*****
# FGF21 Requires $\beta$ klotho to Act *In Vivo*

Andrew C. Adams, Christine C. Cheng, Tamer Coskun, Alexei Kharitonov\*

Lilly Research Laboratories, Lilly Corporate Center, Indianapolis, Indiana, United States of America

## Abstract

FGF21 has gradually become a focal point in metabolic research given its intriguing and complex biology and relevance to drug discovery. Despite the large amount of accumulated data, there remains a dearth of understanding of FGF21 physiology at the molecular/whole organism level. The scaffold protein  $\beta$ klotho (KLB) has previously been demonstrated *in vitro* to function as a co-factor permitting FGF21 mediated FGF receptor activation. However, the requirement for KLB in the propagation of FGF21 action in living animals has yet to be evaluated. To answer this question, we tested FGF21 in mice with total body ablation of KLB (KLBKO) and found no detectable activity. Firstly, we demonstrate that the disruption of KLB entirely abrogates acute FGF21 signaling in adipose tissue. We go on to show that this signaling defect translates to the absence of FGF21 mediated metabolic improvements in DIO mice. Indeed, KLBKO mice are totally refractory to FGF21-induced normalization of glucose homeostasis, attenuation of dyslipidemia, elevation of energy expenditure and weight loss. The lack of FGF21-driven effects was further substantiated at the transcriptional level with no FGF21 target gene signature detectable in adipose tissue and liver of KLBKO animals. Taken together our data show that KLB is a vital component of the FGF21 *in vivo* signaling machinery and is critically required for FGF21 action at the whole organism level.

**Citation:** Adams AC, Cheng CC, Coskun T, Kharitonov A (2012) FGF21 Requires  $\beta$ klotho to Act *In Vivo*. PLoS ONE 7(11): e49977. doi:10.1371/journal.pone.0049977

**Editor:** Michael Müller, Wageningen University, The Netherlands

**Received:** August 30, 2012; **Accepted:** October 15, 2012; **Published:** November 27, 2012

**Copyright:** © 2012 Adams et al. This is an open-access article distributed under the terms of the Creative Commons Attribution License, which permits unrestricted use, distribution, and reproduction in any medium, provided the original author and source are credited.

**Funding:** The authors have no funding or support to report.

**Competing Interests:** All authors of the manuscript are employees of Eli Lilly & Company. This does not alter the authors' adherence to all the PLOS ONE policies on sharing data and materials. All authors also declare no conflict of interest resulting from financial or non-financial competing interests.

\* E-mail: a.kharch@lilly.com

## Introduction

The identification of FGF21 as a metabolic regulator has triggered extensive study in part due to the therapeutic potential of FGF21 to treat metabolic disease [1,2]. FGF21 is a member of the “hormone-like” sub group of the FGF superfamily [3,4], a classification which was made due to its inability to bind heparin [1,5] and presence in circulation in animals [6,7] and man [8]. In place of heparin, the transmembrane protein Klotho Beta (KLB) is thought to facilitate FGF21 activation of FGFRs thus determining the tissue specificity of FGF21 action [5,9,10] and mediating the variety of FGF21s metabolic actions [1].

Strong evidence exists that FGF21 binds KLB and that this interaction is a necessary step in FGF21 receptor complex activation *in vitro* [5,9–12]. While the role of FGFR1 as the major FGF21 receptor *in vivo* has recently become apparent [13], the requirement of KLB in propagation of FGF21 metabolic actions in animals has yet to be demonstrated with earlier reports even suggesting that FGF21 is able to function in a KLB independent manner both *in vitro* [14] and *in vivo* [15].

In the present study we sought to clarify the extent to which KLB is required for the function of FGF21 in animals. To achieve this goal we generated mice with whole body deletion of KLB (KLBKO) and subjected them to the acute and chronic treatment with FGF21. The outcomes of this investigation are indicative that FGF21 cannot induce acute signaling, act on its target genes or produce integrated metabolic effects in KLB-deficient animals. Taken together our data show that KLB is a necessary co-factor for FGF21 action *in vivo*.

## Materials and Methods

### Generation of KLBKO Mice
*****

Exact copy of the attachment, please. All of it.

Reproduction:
# FGF21 Requires $\beta$ klotho to Act *In Vivo*

Andrew C. Adams, Christine C. Cheng, Tamer Coskun, Alexei Kharitonov\*

Lilly Research Laboratories, Lilly Corporate Center, Indianapolis, Indiana, United States of America

## Abstract

FGF21 has gradually become a focal point in metabolic research given its intriguing and complex biology and relevance to drug discovery. Despite the large amount of accumulated data, there remains a dearth of understanding of FGF21 physiology at the molecular/whole organism level. The scaffold protein  $\beta$ klotho (KLB) has previously been demonstrated *in vitro* to function as a co-factor permitting FGF21 mediated FGF receptor activation. However, the requirement for KLB in the propagation of FGF21 action in living animals has yet to be evaluated. To answer this question, we tested FGF21 in mice with total body ablation of KLB (KLBKO) and found no detectable activity. Firstly, we demonstrate that the disruption of KLB entirely abrogates acute FGF21 signaling in adipose tissue. We go on to show that this signaling defect translates to the absence of FGF21 mediated metabolic improvements in DIO mice. Indeed, KLBKO mice are totally refractory to FGF21-induced normalization of glucose homeostasis, attenuation of dyslipidemia, elevation of energy expenditure and weight loss. The lack of FGF21-driven effects was further substantiated at the transcriptional level with no FGF21 target gene signature detectable in adipose tissue and liver of KLBKO animals. Taken together our data show that KLB is a vital component of the FGF21 *in vivo* signaling machinery and is critically required for FGF21 action at the whole organism level.

**Citation:** Adams AC, Cheng CC, Coskun T, Kharitonov A (2012) FGF21 Requires  $\beta$ klotho to Act *In Vivo*. PLoS ONE 7(11): e49977. doi:10.1371/journal.pone.0049977

**Editor:** Michael Müller, Wageningen University, The Netherlands

**Received:** August 30, 2012; **Accepted:** October 15, 2012; **Published:** November 27, 2012

**Copyright:** © 2012 Adams et al. This is an open-access article distributed under the terms of the Creative Commons Attribution License, which permits unrestricted use, distribution, and reproduction in any medium, provided the original author and source are credited.

**Funding:** The authors have no funding or support to report.

**Competing Interests:** All authors of the manuscript are employees of Eli Lilly & Company. This does not alter the authors' adherence to all the PLOS ONE policies on sharing data and materials. All authors also declare no conflict of interest resulting from financial or non-financial competing interests.

\* E-mail: a.kharch@lilly.com

## Introduction

The identification of FGF21 as a metabolic regulator has triggered extensive study in part due to the therapeutic potential of FGF21 to treat metabolic disease [1,2]. FGF21 is a member of the “hormone-like” sub group of the FGF superfamily [3,4], a classification which was made due to its inability to bind heparin [1,5] and presence in circulation in animals [6,7] and man [8]. In place of heparin, the transmembrane protein Klotho Beta (KLB) is thought to facilitate FGF21 activation of FGFRs thus determining the tissue specificity of FGF21 action [5,9,10] and mediating the variety of FGF21s metabolic actions [1].

Strong evidence exists that FGF21 binds KLB and that this interaction is a necessary step in FGF21 receptor complex activation *in vitro* [5,9–12]. While the role of FGFR1 as the major FGF21 receptor *in vivo* has recently become apparent [13], the requirement of KLB in propagation of FGF21 metabolic actions in animals has yet to be demonstrated with earlier reports even suggesting that FGF21 is able to function in a KLB independent manner both *in vitro* [14] and *in vivo* [15].

In the present study we sought to clarify the extent to which KLB is required for the function of FGF21 in animals. To achieve this goal we generated mice with whole body deletion of KLB (KLBKO) and subjected them to the acute and chronic treatment with FGF21. The outcomes of this investigation are indicative that FGF21 cannot induce acute signaling, act on its target genes or produce integrated metabolic effects in KLB-deficient animals. Taken together our data show that KLB is a necessary co-factor for FGF21 action *in vivo*.

## Materials and Methods

### Generation of KLBKO Mice